If the overheating of the evaporator is too great, the valve capacity is too low and the nozzle insert must be replaced with a larger one.

TE, T2, TUA and TCAE are supplied with replaceable nozzle insert.


11. Hunting 

With a significant oversizing of an expansion valve, it can come to the so-called "hunting". "Hunting" is the English word for "hunt" and describes the commotion of overheating and concomitantly the suction pressure. Hunting shows that the overheating, although on average, terminates at an acceptable level, but increases constantly and then decreases again, so that the system does not reach the steady state.

The main reason for this is an oversized power nozzle. Remedy can bring the replacement of the nozzle towards a smaller capacity. However, the same phenomenon also occurs, for example, if the actual values ​​at the valve are set too small, if they are smaller than the MSS (minimum stable signal) of the evaporator.

For example, an overheat setpoint of 4K combined with a plate heat exchanger type evaporator will almost always result in commutation of overheating. A corresponding increase in the superheat setpoint can remedy this situation.


12. Too much overheating 

Causes of excessive overheating on the evaporator can be, for example: flash gas upstream of the expansion valve, MOP charge transfer, too small a nozzle, loss of refrigerant or sensor loss. Flash gas formation can be easily detected in the sight glass. The sight glass should be free of bubbles under normal operating conditions. With strong flash gas formation, it may be necessary, for example, to install an internal subcooler to introduce additional subcooling into the liquid reservoir upstream of the expansion valve. Supercooling is the additional sensible temperature reduction below the wet steam level at the appropriate pressure.

Example: The service manometer reads 10.6 bar. This corresponds to 45 ° C at R134a. If one measures now before the expansion valve at the liquid line 40 ° C and neglected for the sake of simplicity, any pressure drops, then there is a supercooling of 5 K (Kelvin pressure differences are always in Kelvin (K)). Flash gas is formed by partial evaporation of the liquid by overcoming differences in height as liquid riser or by pressure drops in the liquid line. MOP charge transfer can occur when the thermal head of the expansion valve is colder than the sensor.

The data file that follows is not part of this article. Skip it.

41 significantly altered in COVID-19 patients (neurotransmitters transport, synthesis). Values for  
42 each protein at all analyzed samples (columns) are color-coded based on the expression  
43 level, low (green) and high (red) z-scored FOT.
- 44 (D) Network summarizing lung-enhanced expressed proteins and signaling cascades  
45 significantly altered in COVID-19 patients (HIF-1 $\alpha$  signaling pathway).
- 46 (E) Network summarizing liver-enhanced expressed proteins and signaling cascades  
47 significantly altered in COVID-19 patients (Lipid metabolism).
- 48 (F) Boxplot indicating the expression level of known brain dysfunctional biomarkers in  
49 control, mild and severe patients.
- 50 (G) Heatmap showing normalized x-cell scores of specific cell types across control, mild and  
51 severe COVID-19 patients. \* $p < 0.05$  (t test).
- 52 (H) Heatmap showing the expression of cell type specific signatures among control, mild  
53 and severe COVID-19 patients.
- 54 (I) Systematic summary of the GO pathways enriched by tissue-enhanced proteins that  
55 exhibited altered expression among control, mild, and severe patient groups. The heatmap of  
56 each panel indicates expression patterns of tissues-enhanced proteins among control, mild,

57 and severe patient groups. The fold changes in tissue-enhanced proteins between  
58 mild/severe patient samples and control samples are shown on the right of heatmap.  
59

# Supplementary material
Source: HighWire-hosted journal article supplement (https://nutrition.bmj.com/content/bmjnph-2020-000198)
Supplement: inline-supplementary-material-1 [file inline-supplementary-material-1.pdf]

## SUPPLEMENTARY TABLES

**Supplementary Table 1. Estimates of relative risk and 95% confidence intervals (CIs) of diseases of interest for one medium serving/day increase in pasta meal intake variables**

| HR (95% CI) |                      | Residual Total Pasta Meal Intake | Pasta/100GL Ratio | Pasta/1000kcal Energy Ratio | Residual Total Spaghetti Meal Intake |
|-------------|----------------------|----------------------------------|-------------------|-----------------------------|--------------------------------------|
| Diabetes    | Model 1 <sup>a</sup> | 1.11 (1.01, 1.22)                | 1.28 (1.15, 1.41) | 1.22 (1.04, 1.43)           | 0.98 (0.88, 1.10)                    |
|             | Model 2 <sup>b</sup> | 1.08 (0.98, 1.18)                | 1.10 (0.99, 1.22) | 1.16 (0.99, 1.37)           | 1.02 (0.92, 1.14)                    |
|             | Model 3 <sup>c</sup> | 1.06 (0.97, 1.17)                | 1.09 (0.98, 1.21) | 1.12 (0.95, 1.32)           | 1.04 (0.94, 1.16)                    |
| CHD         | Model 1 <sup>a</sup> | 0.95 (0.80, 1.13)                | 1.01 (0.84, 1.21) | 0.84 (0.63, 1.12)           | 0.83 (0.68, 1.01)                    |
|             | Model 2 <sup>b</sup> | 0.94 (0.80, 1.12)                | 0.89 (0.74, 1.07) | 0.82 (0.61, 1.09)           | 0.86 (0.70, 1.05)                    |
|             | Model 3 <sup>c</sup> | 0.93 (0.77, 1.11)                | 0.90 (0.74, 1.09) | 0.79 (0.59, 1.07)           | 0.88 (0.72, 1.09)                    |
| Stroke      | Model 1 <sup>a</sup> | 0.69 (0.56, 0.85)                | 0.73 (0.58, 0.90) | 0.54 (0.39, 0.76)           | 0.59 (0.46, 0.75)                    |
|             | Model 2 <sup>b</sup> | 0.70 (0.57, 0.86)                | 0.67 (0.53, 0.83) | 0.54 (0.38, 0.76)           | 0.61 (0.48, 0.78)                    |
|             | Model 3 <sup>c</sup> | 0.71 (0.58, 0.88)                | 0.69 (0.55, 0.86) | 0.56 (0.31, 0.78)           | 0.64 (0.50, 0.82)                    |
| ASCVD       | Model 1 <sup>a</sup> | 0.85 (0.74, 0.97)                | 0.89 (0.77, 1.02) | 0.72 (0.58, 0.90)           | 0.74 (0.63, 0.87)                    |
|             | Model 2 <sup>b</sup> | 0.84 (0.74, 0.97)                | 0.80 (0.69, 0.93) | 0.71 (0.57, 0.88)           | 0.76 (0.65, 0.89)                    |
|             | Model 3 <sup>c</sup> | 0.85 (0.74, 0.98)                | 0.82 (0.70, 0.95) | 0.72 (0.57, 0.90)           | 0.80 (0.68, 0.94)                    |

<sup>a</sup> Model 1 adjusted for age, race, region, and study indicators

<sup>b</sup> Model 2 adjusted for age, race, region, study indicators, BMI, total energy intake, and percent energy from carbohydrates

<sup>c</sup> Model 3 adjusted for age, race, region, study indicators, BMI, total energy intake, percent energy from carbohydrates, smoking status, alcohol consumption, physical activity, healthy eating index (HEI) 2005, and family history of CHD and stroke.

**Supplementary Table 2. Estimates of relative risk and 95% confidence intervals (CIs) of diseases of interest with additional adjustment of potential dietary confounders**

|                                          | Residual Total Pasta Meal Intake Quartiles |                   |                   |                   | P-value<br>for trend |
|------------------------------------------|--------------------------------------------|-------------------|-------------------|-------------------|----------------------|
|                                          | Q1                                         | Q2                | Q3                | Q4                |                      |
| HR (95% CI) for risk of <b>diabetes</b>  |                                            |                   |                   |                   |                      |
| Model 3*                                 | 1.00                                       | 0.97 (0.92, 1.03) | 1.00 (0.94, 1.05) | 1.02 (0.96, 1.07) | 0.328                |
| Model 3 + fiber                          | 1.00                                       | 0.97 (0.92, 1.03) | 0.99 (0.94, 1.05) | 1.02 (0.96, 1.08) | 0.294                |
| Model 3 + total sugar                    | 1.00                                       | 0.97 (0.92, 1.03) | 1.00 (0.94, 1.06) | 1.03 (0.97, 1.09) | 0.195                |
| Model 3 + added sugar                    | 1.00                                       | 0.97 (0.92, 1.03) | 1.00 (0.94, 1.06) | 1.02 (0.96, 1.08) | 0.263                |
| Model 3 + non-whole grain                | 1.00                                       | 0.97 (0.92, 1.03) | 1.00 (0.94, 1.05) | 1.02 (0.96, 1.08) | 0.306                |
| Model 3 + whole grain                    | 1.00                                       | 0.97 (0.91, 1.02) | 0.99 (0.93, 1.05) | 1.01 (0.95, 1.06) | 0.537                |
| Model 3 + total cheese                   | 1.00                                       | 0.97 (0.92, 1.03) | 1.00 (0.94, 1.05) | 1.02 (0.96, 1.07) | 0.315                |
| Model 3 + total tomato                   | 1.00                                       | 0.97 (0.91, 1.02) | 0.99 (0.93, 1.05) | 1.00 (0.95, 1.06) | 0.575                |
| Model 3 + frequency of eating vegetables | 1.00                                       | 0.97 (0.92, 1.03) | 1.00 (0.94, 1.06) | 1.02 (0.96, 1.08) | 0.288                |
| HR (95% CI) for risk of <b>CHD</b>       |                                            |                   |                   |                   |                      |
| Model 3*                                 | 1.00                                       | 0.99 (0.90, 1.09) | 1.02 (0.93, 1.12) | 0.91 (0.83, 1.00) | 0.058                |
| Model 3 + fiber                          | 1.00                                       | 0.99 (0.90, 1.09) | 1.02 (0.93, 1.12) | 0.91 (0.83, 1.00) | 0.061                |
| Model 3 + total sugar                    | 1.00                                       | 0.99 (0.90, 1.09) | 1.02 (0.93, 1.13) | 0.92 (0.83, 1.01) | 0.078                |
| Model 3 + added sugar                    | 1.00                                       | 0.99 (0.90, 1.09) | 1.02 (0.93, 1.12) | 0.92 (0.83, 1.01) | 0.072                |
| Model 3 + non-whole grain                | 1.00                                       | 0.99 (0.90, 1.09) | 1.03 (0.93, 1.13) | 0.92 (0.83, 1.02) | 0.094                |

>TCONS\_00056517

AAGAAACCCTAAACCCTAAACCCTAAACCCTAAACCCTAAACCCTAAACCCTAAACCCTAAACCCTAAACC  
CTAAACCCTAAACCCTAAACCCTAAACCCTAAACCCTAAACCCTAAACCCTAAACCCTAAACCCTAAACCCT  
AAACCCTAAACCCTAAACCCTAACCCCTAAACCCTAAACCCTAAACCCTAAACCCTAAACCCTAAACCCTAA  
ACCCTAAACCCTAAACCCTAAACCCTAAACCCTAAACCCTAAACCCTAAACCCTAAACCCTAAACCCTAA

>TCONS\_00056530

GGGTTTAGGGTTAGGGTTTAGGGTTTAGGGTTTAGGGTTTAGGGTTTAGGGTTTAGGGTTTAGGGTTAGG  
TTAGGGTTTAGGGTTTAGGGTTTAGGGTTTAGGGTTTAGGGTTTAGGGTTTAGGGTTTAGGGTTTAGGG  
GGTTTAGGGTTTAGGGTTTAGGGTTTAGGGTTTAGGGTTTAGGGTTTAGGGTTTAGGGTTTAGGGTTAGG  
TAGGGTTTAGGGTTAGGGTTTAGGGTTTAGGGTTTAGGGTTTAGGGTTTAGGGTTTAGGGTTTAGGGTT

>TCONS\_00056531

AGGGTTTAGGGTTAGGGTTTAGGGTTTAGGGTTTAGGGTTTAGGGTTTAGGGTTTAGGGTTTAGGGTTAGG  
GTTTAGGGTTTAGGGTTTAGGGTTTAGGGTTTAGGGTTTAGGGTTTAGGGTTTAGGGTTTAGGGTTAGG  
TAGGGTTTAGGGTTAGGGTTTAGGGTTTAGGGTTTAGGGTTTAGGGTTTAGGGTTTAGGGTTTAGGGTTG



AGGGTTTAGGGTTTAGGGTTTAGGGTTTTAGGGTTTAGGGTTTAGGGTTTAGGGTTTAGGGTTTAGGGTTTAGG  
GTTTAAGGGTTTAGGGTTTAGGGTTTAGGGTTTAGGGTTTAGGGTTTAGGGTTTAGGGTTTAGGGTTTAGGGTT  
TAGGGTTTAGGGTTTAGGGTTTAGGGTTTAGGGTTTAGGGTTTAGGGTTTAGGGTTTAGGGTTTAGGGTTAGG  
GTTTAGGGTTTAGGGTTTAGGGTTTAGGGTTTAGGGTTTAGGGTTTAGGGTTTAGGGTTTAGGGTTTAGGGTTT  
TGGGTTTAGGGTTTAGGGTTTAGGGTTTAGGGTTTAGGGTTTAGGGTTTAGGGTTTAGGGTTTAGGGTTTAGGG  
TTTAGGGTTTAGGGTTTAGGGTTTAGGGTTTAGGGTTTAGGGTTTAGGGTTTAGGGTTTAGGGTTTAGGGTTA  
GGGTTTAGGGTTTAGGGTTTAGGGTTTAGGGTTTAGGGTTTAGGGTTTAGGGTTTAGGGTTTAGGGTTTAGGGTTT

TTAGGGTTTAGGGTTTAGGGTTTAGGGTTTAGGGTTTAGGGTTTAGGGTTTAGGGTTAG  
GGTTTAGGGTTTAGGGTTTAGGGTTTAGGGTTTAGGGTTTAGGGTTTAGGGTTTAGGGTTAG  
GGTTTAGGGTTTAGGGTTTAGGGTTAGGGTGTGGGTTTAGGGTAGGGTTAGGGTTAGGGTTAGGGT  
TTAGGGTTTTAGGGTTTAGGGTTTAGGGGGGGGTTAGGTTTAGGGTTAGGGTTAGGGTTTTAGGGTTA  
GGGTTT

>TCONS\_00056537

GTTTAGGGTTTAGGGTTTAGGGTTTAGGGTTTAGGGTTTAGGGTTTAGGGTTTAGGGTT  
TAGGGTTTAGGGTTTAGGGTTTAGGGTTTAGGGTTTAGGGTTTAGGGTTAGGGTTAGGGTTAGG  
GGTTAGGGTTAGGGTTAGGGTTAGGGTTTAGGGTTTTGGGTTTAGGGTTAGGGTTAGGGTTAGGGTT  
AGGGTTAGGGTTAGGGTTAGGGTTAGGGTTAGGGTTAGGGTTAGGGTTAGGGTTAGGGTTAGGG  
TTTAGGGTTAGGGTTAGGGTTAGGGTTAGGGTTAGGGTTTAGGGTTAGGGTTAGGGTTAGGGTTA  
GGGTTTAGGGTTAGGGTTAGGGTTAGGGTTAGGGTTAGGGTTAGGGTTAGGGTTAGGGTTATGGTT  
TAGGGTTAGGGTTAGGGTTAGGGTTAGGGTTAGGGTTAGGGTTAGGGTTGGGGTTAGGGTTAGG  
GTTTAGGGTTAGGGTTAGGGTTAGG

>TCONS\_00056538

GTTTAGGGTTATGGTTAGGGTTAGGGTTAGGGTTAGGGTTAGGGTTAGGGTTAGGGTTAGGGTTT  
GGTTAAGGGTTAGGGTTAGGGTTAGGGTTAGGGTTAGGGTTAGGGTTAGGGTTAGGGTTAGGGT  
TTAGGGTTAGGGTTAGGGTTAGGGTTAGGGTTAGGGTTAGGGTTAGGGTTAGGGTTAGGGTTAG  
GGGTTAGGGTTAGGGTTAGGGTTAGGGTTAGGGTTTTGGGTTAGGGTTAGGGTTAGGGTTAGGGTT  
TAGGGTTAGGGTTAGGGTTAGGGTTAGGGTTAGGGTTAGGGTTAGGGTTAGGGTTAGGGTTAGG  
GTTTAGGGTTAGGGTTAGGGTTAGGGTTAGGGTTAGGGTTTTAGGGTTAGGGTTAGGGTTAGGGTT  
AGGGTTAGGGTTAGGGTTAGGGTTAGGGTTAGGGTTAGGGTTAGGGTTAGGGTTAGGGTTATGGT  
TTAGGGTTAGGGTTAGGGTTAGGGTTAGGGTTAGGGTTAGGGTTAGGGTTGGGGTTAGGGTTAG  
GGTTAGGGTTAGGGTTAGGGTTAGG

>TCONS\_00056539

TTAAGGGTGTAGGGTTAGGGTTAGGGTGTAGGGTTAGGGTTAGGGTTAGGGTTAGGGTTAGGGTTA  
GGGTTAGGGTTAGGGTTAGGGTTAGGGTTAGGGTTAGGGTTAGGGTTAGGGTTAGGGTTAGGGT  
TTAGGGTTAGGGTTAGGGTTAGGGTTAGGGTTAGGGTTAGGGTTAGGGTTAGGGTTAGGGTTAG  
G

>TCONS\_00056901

Thus, the refrigerant of the sensor charge shifts to the colder place, in the thermal head and the sensor no liquid refrigerant is left over to vaporize and thus increase the pressure in the sensor. The "MOP restocking test" is simple: just warm the thermal head. If the problem disappeared after that, then there was a MOP-filling shift.


13. Design example 

Now we come to the interpretation of an expansion valve by means of data sheet. The following classic example should be considered: a cooling chamber with 7 kW at -10 ° C evaporation, 45 ° C condensation and 10 K subcooling, the refrigerant R134a is used. For the selection of the data sheet refrigerant and evaporation temperature are crucial.

In our case this means: Use of the data sheet for R134a and evaporation temperature range +10 to -40 ° C. First, the cooling capacity must be corrected with the overcooling correction factor, which can be read on the small table below (see table "Design example" on this page above). At 10K it is 1.08. 7 (kW) divided by 1.08 gives 6.5 (kW).

Since "-10 ° C" is explicitly stated as a separate table, the appropriate nozzle size for the cooling capacity of 6.5 kW can be read directly. In addition, the pressure drop across the expansion valve is needed because the condensing temperature is not specified directly in the data sheet.

The refrigerant spool remedies this situation: Here we can see that the liquefaction and evaporation temperatures are 9.6 bar (10.6 bar - 1 bar) apart

In order to meet the pressure drop across the distributor on the evaporator, we deduct a further 1 bar from the result. This results in 8.6 bar. We are guided by 8 bar Δp, 6.5 kW cooling capacity, -10 ° C evaporation temperature and can now look for the right nozzle size. The value is 6.9 and the associated nozzle size is 5.

Thus, a "TEN 2" valve ("E" stands for external pressure equalization and "N" stands for the refrigerant R134a) can be selected with nozzle 5 for our refrigerator in this example.